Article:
Divine Discourse in the Epistle to the Hebrews: An Encounter with a God Who Speaks


The Epistle to the Hebrews presents God in dialogue. It opens with God speaking through the prophets and the Son in Hebrews 1.1, and then presents words previously attested in Scripture as the speech of God throughout the epistle. By means of prosopological exegesis, an ancient reading strategy with its roots in classical Greco-Roman training, the author interprets these texts by giving them new participants and settings, which produces readings that support his theological program. They do not appear at random, but instead are found in a distinct pattern throughout Hebrews. In the first two sections of Hebrews (1.1–4.16; 4.11–10.25), the Father speaks first, primarily to the Son; then the Son responds to the Father; and finally, the Spirit speaks to the community. The first chapter of this thesis introduces prosopological exegesis and then discusses the speech of the Father, Son, and Spirit, in chapters 2, 3, and 4 respectively. These chapters discuss the author’s use of Scripture, including his utilization of certain ambiguities within Greek traditions of Scripture, and by extension its text-form and the impact of considering these texts as “speech.” The fifth chapter discusses the implications of these readings for understandings of the structure of Hebrews in addition to divine and human speech in Hebrews 10.19–13.25. This third section of Hebrews exhibits variations from the patterns above, but may help to draw together the author’s three speaking characters. What emerges from this study is a clearer picture of the speaking God in Hebrews. The regular and regulated use of speech throughout the epistle moves the argument forward and is essential to the author’s portrayal of God, since it is not just the author’s words, but God’s as well, that disclose the theological core of this book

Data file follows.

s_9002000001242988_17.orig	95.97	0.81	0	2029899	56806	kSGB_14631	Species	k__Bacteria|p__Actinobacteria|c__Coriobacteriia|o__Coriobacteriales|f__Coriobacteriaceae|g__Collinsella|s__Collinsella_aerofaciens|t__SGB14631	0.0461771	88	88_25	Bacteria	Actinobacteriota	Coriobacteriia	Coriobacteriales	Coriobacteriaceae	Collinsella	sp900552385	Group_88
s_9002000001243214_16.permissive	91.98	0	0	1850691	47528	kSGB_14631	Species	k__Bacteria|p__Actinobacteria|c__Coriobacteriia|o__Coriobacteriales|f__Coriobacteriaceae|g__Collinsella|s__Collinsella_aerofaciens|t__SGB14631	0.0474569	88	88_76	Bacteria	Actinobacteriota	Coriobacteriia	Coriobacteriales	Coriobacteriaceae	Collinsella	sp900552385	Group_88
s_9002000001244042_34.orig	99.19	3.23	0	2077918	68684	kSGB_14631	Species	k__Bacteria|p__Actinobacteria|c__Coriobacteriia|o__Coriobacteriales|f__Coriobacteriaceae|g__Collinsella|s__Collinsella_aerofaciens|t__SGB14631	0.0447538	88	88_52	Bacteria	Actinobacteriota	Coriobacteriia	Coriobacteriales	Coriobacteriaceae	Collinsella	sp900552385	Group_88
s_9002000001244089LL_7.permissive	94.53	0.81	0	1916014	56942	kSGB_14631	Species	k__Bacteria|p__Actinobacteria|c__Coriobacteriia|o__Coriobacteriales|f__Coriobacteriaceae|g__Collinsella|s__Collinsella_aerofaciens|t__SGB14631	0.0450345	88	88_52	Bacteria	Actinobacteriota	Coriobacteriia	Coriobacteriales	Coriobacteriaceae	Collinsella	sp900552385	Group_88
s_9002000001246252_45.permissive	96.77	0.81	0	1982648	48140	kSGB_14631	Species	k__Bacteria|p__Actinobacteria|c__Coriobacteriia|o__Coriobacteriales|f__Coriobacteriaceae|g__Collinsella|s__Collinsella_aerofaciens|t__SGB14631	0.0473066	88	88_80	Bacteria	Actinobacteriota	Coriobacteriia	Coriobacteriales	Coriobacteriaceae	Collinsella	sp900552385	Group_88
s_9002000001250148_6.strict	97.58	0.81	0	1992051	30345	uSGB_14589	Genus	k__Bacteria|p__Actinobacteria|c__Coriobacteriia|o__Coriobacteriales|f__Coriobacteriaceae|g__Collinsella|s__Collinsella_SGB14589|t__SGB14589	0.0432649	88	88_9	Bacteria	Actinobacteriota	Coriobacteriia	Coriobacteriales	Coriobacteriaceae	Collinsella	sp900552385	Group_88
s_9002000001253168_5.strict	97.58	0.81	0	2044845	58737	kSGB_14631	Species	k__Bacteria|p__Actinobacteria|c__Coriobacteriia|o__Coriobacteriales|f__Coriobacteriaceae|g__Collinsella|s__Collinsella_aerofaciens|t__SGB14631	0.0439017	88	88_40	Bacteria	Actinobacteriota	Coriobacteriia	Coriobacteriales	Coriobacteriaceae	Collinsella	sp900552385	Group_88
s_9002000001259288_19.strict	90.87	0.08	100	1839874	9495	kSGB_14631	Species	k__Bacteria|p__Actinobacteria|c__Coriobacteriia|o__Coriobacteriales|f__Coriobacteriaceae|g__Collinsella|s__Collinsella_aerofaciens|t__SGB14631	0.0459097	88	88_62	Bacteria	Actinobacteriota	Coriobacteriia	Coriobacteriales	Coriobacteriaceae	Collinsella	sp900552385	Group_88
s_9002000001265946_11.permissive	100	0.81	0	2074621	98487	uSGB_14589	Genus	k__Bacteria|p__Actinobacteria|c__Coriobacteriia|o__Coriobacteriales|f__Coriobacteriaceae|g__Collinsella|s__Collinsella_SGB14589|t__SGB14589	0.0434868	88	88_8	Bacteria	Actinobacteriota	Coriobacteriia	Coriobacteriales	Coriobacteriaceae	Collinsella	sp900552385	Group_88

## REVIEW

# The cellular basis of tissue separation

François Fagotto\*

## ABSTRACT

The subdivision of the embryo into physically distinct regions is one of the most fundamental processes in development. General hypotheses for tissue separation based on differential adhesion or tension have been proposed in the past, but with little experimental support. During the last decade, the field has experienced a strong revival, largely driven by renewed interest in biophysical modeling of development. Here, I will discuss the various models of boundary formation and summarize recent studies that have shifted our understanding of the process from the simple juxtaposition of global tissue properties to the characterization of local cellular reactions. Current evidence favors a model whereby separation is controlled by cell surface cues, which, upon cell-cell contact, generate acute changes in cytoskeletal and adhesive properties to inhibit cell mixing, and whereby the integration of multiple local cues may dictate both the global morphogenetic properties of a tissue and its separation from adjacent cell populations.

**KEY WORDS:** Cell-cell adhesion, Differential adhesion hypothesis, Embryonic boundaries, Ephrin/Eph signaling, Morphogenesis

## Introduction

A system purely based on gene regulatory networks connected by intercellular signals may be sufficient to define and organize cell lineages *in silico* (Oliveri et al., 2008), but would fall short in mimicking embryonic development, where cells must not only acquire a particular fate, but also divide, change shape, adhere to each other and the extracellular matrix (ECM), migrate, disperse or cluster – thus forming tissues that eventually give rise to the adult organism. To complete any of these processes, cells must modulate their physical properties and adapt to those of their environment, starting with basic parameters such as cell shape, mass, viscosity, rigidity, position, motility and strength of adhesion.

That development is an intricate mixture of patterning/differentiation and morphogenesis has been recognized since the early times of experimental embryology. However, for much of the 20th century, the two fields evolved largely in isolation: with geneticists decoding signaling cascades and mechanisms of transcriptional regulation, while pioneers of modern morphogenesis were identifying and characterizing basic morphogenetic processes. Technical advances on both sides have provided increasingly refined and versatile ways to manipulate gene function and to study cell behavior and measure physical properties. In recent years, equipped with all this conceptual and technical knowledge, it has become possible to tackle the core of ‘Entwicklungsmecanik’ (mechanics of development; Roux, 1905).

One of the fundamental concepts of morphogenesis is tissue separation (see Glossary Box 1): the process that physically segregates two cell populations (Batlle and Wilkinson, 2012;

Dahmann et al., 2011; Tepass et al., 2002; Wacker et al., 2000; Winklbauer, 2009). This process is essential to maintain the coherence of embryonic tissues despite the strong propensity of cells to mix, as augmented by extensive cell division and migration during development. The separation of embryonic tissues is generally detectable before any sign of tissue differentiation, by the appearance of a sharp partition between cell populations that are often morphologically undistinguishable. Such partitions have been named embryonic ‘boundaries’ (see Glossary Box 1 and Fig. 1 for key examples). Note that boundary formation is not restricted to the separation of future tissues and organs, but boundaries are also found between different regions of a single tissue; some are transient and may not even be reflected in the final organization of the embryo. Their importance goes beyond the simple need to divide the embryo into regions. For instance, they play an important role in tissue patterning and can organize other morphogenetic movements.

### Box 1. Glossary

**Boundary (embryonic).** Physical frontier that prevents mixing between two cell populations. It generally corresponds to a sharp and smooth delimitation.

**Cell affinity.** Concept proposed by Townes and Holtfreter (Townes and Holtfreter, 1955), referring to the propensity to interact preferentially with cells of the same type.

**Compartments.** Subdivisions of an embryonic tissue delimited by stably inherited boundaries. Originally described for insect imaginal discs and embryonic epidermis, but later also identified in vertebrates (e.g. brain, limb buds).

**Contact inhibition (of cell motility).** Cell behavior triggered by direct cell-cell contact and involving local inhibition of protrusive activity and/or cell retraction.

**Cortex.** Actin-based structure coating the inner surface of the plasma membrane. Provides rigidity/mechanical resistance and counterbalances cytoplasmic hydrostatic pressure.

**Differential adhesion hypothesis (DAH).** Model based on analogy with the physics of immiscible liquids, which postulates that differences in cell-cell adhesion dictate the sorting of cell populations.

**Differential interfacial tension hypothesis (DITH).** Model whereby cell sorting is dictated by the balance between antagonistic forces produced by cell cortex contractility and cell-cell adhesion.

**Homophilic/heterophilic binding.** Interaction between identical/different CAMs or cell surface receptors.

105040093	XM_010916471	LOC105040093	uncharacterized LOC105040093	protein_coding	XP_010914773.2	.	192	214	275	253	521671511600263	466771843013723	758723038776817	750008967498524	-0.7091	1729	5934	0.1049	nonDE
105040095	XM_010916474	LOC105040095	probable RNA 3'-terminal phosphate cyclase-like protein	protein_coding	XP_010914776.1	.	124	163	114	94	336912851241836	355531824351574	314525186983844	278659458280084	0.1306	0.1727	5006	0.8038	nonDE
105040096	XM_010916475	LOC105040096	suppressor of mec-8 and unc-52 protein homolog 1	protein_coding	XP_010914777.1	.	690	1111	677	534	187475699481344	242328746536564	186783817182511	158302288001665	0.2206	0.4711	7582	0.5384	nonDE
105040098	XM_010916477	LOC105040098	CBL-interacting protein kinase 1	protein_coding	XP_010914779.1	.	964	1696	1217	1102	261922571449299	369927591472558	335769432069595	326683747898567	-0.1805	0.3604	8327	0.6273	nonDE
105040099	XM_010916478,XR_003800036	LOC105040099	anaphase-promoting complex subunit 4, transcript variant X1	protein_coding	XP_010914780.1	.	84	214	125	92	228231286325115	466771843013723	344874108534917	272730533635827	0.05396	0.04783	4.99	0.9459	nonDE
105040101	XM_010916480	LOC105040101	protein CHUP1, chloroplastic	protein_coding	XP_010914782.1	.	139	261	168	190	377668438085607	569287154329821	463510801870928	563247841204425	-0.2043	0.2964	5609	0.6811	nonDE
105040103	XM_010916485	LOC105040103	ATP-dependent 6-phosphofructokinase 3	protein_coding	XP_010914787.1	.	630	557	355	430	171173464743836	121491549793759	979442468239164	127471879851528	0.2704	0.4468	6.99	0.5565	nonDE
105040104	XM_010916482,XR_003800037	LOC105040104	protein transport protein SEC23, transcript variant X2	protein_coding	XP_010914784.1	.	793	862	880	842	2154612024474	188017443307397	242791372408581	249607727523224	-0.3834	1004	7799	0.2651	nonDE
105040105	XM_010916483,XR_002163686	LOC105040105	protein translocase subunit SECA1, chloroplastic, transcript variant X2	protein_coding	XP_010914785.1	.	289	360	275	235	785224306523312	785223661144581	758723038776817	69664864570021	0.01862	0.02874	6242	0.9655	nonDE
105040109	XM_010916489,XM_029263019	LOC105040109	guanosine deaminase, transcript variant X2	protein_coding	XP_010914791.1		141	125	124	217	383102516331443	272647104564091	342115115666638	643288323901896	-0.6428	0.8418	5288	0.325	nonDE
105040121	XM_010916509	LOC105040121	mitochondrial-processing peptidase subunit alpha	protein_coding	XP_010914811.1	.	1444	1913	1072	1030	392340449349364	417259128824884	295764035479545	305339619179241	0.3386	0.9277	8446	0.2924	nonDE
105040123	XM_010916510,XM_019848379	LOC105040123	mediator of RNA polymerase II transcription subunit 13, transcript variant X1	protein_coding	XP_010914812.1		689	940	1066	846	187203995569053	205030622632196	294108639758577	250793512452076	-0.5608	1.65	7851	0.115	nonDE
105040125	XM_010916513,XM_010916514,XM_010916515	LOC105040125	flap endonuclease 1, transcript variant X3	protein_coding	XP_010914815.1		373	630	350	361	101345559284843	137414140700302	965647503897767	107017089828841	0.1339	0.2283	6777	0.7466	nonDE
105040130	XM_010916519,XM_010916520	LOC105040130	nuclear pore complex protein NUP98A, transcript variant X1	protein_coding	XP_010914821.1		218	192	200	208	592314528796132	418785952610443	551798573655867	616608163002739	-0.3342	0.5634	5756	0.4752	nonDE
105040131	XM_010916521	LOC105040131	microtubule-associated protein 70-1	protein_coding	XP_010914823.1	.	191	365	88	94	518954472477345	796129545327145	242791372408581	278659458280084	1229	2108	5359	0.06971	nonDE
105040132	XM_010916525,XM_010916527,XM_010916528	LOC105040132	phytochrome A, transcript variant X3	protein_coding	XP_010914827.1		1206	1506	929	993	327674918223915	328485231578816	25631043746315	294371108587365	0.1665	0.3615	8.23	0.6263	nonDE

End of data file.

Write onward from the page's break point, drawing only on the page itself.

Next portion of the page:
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This paper was published in Durham e-Theses.

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